Image Comics 2015
Written by Mark Millar
Illustrated by Wilfredo Torres
Coloured by Ive Svorcina
Well alright now that we’ve gotten past the whole Blue Bolt issue which to be quite honest I hadn’t thought would be dealt with so quickly was handled in an extremely fantastic manner. Yes this is an issue devoted to that and I have to hand it to Mark for the brutal honesty it’s been told in. This is how things should be among family and friends, or friends who find themselves as family.
There’s really something special about this book. We’ve seen their children already and how they in the here and now but this look back to a time that was in some ways more innocent and yet more complex as they pave a new way being the first super-heroes on the planet. With shades of the super-friends but with real world problems this book breaks ground only hinted at with groups like the Justice Society, when they were told to unmask or disband.
An intergalactic slave trader comes to Earth and Utopian demonstrates he’s got some real smarts here as he manages to defeat him and his Doom-Droid, who has all their powers in spectacular fashion. It’s something we’d never really see elsewhere and Mark’s way of getting the win here is genius. The bravery shown Utopian/Sheldon Sampson is remarkable and in an age where cellphones and 24/7 news stations don’t exist his risky play isn’t that risky. Though to have your enemy know your secret well that’s another story.
I love this in-depth look into Blue Bolt the man with three different identities. Super-Hero, idol to millions, a neonatal surgeon of some renown and a secret homosexual the last in this era endangers the lives and reputations of all the people closest to him. Wilfredo does this thing where see him in each guise and it’s remarkable how different each one seems to be. As a closet homosexual he throws himself in drink and parties to cope. When J. Edgar Hoover comes knocking with pictures of tryst with a gardner threatening blackmail and his family’s ruined reputation if he doesn’t reveal his teammates identities well that’s where the real drama comes in.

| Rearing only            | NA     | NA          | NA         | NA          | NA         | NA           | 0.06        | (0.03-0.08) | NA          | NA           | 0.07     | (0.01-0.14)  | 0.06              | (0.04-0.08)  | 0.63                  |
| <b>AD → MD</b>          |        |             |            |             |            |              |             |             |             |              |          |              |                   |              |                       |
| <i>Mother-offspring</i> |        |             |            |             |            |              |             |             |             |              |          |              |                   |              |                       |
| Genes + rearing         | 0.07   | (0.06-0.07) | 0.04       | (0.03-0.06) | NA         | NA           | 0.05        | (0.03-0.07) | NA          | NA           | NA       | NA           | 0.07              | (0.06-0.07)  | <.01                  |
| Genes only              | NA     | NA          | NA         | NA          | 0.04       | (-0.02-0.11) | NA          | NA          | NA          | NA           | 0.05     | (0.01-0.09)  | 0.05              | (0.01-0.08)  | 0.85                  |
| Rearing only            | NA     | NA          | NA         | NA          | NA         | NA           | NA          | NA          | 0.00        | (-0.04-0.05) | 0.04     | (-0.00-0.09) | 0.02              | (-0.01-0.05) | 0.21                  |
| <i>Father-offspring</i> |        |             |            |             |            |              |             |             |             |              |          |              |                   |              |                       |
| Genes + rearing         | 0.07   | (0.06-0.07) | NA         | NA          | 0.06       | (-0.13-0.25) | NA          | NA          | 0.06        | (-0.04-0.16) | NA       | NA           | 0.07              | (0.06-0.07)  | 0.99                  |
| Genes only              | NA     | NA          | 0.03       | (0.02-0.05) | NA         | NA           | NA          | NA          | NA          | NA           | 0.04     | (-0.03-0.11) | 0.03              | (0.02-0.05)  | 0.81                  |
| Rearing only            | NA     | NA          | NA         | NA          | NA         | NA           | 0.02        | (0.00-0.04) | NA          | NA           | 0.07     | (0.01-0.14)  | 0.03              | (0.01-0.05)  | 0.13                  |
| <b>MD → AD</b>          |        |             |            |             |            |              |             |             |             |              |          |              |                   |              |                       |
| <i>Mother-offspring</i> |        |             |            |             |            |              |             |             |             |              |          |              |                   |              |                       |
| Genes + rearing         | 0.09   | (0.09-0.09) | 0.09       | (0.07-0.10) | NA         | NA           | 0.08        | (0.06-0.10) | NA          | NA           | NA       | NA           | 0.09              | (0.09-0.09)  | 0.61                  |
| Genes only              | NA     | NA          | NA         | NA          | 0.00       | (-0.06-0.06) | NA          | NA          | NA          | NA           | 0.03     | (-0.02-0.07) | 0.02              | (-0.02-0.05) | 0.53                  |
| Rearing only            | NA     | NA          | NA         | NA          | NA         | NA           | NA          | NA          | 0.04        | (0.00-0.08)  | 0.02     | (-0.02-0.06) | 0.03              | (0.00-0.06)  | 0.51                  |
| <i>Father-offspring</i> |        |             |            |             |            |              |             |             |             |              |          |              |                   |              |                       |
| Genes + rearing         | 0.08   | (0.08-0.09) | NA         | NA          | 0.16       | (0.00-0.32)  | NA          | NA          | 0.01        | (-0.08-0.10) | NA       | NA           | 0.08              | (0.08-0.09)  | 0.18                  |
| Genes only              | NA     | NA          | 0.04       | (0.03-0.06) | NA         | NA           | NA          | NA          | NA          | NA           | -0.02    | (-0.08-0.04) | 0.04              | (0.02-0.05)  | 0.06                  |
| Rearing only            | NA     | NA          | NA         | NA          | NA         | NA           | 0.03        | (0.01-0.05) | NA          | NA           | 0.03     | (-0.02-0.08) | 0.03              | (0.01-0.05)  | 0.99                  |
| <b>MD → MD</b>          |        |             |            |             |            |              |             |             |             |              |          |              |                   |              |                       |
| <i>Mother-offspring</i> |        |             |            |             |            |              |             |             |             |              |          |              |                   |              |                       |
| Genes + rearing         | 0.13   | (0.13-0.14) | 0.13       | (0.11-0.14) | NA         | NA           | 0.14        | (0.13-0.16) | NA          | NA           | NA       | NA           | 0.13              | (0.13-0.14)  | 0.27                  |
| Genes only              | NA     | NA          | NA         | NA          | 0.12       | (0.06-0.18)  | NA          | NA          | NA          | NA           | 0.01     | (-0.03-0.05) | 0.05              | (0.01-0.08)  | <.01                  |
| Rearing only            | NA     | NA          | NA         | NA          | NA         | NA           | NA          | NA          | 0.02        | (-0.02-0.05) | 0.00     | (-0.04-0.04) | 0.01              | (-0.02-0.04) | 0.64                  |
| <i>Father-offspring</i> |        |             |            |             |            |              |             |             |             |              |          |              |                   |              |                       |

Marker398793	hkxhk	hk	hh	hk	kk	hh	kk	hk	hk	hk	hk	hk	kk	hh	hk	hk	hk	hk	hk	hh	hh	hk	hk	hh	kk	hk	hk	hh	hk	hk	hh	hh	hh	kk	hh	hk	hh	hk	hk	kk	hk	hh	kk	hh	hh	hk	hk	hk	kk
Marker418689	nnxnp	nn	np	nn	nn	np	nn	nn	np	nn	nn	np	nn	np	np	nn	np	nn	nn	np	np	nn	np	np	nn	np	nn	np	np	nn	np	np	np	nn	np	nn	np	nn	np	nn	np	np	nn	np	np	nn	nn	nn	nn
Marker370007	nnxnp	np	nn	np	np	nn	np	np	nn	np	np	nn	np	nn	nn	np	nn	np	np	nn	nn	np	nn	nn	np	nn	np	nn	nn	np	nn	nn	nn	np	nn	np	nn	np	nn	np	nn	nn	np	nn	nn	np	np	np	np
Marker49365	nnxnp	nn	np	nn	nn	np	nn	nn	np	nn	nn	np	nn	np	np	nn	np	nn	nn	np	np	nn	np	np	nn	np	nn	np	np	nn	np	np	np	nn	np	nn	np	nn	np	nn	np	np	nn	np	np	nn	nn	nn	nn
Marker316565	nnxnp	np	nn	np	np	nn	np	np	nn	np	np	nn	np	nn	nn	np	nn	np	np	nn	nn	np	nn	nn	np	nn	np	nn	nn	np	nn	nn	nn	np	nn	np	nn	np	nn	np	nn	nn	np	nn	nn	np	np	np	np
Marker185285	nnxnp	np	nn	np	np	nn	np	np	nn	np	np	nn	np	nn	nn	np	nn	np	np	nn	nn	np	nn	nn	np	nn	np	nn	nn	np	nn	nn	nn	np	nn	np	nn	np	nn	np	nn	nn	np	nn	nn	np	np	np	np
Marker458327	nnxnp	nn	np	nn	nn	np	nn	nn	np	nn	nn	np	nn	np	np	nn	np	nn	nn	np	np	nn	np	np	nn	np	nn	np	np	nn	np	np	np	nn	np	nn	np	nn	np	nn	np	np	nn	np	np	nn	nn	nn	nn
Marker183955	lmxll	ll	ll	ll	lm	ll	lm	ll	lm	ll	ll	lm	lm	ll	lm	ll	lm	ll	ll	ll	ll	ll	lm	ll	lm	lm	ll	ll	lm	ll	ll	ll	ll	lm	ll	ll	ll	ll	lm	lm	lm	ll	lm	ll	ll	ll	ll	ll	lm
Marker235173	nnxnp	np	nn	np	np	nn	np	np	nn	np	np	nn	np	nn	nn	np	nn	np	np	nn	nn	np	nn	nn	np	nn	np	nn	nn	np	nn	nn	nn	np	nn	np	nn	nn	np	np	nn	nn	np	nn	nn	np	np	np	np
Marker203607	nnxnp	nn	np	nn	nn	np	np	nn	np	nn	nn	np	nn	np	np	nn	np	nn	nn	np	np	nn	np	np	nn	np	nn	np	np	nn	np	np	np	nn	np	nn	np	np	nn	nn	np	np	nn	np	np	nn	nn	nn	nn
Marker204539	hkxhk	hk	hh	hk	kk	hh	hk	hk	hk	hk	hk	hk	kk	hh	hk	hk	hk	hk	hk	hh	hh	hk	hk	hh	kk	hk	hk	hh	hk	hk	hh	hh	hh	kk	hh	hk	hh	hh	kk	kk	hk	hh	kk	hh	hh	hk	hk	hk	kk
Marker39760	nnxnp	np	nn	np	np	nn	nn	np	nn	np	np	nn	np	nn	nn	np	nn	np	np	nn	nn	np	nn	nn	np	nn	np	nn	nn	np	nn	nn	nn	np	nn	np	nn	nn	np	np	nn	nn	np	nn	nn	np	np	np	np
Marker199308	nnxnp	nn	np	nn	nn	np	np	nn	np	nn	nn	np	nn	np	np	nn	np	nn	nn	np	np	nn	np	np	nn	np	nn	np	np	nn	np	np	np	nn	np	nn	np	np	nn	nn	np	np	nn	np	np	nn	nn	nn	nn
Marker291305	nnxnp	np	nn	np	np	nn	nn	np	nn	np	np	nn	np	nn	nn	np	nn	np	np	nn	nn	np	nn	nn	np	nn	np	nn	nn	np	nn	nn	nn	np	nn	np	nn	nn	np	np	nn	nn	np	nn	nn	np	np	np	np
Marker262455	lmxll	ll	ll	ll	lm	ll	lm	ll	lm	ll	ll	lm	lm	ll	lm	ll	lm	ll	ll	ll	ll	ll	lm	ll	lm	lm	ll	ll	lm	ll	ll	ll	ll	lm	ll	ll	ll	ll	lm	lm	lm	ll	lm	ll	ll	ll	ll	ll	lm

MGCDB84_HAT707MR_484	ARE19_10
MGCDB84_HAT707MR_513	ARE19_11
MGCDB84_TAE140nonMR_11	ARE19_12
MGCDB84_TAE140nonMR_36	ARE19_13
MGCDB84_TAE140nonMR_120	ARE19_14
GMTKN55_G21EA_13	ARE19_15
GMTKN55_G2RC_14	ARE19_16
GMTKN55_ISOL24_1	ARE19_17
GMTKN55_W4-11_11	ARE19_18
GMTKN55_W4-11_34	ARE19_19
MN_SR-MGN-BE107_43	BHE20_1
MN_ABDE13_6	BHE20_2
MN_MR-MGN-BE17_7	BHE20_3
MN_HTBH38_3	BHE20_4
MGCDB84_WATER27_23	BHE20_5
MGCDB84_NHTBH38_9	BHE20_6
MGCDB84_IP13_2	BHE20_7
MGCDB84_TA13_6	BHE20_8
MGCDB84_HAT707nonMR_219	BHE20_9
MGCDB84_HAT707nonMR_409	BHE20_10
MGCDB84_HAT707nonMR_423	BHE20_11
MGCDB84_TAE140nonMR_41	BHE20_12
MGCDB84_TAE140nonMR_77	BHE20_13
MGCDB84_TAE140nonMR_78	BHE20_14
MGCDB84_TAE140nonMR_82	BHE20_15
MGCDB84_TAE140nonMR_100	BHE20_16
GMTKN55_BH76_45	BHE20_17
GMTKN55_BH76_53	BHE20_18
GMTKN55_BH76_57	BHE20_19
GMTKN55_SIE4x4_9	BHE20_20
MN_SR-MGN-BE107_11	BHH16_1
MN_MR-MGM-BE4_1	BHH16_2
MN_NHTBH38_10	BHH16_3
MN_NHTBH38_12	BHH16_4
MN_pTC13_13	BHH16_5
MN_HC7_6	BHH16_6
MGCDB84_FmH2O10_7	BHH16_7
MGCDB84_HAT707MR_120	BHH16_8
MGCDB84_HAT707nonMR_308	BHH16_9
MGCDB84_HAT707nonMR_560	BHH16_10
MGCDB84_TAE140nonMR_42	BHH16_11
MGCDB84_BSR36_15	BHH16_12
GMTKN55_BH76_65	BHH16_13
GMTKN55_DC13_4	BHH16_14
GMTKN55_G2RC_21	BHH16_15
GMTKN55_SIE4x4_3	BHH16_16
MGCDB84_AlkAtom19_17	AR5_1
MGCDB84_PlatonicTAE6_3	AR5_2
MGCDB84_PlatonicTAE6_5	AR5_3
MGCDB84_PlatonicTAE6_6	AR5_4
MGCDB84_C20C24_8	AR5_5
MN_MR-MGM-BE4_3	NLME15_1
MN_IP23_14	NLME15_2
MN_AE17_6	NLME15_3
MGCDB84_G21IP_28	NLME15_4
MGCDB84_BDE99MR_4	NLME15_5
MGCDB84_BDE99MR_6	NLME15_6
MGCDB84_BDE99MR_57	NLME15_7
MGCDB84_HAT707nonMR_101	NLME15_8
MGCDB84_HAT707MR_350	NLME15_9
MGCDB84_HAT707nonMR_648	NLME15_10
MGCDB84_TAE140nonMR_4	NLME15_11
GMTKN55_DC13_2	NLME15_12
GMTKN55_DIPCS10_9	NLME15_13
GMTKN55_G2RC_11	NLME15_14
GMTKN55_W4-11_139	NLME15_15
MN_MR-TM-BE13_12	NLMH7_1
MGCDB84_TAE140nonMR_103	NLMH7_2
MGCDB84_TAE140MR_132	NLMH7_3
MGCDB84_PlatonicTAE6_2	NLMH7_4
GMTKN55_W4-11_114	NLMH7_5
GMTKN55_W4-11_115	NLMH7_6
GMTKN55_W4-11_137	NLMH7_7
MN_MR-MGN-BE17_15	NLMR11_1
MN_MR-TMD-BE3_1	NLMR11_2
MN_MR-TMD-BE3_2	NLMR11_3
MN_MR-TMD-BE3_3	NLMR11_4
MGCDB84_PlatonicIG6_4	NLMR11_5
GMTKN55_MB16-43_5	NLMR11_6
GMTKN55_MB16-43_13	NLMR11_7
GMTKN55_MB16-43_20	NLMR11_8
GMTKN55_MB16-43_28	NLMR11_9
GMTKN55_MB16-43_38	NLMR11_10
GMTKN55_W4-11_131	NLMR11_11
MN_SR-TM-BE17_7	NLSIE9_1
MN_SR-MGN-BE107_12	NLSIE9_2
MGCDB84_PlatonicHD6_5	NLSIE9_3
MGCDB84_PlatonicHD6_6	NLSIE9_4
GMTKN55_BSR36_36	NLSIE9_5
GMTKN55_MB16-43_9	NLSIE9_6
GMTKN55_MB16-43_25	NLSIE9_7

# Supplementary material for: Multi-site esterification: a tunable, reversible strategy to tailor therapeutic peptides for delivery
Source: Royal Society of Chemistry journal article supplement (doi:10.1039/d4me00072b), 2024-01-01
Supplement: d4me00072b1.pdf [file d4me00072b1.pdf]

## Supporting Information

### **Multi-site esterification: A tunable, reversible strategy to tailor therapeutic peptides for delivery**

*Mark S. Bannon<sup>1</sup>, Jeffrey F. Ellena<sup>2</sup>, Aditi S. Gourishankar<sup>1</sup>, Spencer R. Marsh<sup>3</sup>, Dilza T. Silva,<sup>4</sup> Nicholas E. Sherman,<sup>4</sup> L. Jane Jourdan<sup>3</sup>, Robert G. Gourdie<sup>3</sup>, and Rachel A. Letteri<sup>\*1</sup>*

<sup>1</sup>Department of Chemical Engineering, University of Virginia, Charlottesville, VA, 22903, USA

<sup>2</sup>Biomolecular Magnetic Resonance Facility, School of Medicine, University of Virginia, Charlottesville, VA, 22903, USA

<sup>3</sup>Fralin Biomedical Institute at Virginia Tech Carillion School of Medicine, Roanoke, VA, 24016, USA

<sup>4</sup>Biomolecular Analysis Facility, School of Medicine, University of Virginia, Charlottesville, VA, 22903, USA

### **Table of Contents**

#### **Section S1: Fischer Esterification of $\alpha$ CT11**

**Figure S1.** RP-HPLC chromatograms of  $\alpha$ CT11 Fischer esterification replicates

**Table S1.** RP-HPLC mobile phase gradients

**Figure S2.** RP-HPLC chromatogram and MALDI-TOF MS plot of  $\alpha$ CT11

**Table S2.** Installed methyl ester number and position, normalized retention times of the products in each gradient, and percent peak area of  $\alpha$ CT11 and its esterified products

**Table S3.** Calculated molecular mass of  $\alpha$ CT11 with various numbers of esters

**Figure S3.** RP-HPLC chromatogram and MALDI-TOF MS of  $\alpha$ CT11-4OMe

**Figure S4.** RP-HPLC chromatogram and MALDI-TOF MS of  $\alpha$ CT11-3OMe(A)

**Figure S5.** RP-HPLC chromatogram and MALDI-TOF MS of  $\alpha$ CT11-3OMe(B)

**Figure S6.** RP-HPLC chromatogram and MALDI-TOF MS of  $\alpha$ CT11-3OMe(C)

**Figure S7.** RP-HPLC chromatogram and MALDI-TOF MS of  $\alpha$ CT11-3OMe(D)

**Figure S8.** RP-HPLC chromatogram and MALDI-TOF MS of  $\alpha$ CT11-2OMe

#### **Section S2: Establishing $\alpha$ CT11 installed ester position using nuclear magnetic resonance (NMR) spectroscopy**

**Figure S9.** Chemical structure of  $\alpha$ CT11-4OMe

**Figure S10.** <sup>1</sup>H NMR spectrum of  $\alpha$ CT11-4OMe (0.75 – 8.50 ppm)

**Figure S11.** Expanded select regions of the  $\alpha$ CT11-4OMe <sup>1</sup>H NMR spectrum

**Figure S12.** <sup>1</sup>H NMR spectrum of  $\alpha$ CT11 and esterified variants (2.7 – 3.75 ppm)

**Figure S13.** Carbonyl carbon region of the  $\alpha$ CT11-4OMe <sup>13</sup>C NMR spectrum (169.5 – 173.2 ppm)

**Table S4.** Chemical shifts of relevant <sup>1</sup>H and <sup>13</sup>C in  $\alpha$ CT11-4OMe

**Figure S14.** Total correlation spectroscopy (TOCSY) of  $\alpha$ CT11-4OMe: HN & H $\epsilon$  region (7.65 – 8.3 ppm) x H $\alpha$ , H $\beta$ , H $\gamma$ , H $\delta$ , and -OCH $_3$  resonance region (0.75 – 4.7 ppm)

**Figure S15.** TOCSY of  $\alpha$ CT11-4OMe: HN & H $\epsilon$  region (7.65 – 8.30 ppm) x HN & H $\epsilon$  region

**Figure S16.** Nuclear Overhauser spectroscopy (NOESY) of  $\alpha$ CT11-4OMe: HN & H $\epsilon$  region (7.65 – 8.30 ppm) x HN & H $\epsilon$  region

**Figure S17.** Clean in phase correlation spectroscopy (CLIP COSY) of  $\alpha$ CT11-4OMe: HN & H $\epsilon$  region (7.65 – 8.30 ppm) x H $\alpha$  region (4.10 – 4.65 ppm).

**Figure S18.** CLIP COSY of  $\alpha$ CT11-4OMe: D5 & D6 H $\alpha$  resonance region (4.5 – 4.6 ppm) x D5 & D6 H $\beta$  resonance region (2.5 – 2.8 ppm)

It’s so easy to forget that it wasn’t that long ago that being a homosexual was pretty much living the life of an outlaw and that some men like Hoover would, supposedly, prey upon his own kind to get what he wants. God this look at how he feels about himself is at times agonizing and brutally honest for that time as he sees himself as abnormal something nowadays kids especially can’t understand. Unwilling to betray his friends he seeks a permenant solution of a different kind. Ah something many think about and all too many do. On a personal note it’s too bad we didn’t see “him” as he entered the bathtub. His note explaining things well that we don’t really get to read but his friends prove loyalty/friendship and family go a long way.
There’s a surprise ending too and it’s great to see that only one member on the team has a problem with him being a homo. Alright if this is the kind of stuff we can expect from the rest of this run then hell yeah i’m in. This is brutally honest, fun, complex and definitely character driven storytelling that doesn’t hold anything back. Not to mention the colourful costumes and the fantastic adventures make it reminiscent of the old days but in a fresh new way.
Mark’s a powerhouse writer and this book already takes it’s place among the upper echelon of titles on the stand today. Also Wilfredo and Ive do something equally as special on the interiors as they do this throwback style which is expressive and powerful as anything else out today.